The continuing cyclical slowdown in US economic growth has already sparked a manufacturing recession that has transmitted weakness into the consumer segment of the economy. Wall Street continues to overlook the deceleration of hard economic data, with all their bets on the consumer this holiday season.
Last week, ECRI's Lakshman Achuthan showed how YoY industrial production growth in manufacturing is in a recession, already at a 3.5 year low. And real retail sales growth has been falling simultaneously.
"On the manufacturing side, you have IP [industrial production] at a 3½-year low. It's deeply negative," he said. "On the retail sales front, you have deceleration."
Achuthan said the US economy is likely to continue slowing in the months ahead. There's no indication that a turning point in economic growth will be seen in 2019, as it's likely the consumer will continue to deteriorate.
"All the hopes are the consumer is somehow going to rev up, and that's coinciding with the holiday season here," said Achuthan. "But when we look at all of our leading indexes that anticipate turning points in the US economy, it's not there yet. So, we have more slowdown to go."
Consumers are conscious of the economic slowdown. They're boosting savings and preparing for the downturn by limiting their spending habits this holiday season, according to a new survey from TD Bank.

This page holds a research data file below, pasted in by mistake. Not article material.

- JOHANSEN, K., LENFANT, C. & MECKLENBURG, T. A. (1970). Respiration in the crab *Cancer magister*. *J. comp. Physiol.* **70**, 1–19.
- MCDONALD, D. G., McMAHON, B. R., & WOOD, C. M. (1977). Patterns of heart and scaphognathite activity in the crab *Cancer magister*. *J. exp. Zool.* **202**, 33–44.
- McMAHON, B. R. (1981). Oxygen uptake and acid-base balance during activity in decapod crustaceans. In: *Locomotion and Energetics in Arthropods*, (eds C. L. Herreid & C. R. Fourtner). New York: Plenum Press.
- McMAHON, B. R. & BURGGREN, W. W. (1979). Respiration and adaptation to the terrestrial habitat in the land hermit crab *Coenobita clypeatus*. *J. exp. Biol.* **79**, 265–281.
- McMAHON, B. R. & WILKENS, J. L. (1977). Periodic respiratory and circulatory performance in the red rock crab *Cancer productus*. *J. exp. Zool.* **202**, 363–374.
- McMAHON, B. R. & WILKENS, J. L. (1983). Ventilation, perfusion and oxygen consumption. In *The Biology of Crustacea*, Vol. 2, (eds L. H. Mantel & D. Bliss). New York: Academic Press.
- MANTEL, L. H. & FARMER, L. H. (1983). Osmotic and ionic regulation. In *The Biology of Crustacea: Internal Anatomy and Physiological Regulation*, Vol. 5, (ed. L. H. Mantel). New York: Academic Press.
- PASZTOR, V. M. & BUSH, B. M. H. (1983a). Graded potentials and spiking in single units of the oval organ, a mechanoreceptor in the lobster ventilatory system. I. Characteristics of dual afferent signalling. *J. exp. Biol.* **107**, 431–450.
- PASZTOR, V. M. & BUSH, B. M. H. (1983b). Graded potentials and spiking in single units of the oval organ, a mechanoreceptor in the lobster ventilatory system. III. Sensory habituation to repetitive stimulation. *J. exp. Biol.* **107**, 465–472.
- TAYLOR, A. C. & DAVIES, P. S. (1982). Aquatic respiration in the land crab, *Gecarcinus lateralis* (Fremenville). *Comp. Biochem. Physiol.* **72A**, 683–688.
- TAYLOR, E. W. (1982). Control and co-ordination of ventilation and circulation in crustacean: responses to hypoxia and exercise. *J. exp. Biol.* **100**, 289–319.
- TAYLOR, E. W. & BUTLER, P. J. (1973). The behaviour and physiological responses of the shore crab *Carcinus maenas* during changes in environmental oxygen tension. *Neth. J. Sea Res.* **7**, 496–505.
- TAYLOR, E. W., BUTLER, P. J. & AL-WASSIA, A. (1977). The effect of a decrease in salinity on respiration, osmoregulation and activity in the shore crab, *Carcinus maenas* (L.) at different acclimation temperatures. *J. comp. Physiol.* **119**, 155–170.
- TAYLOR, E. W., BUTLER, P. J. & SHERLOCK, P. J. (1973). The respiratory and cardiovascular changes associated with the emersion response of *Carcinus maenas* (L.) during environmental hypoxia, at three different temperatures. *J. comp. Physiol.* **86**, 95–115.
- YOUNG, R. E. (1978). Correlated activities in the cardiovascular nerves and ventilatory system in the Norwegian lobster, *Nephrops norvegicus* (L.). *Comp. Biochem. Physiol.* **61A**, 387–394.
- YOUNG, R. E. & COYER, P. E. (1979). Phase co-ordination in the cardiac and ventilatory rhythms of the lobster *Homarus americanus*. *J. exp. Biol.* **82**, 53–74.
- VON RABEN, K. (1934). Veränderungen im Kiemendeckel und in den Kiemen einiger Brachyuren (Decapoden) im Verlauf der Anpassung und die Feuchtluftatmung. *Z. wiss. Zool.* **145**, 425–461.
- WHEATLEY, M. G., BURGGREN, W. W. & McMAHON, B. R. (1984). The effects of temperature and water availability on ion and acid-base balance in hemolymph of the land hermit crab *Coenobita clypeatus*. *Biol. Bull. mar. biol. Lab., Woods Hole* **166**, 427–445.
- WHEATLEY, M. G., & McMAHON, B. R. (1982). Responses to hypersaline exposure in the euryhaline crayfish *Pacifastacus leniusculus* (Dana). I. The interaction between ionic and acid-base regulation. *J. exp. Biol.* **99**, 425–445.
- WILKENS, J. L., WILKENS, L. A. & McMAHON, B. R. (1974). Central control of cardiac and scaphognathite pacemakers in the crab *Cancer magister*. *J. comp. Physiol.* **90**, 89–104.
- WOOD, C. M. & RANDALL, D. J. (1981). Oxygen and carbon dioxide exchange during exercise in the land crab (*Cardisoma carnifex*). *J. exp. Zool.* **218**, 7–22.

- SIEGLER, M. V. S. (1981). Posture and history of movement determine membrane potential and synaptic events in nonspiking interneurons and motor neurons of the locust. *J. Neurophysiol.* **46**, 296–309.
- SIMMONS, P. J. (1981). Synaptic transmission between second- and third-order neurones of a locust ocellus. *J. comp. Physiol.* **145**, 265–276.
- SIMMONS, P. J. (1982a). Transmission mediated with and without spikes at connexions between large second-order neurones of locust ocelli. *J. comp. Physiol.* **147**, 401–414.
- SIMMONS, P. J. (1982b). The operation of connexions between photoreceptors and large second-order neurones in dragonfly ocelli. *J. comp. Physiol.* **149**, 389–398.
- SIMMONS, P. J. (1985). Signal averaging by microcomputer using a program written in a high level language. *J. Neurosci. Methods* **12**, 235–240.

The second annual Holiday Retail Report, published by TD, says 30% of respondents are going to rein in their spending this holiday season.
The survey offered little insight into the abrupt change in spending.
Though we've outlined before, consumer sentiment has been plateauing for the last 12 to 16 months as economic growth slows. Employment slowdown has also been another factor, which can lead to a reversal in consumer sentiment if layoffs start. And on top of the downturn, consumers are all leveraged up with insurmountable debts, such as auto loans, student debts, and credit card loans.
At least 84% of the respondents will rely on credit cards this holiday season -- but with credit card rates at a two-decade high -- it could be hard for consumers this year to justify spending obscene amounts of money on gifts.
Respondents said they would spend approximately $735 on holiday-related expenses this season. Those with credit cards are expected to spend around $840.
"Regardless of how much you plan to spend this holiday season, it's important to remember that the expenses you accrue now can impact your financial situation well into the new year," said Mike Kinane, head of US Bankcard for TD Bank."For example, a credit card with a 22% APR will charge shoppers $15 per month on a balance of $840. If shoppers take too long to pay their balance off, they're likely to cancel out any deals they were able to take advantage of during the holiday season."
And it's important to note that the consumer is 70% of GDP. Already, GDP in Q4 is set to print at the lowest level in 4 years at around 0.35%, and would be only the fifth time in 42 quarters since the Q3 2009 exit from the recession when US growth has risen by less than 0.5% Q/Q.
What this all means is that preliminary data is already pointing to a weak holiday season, and with GDP already growing near zero in Q4, it's like that the consumer could tilt the economy into below-trend growth in the months ahead.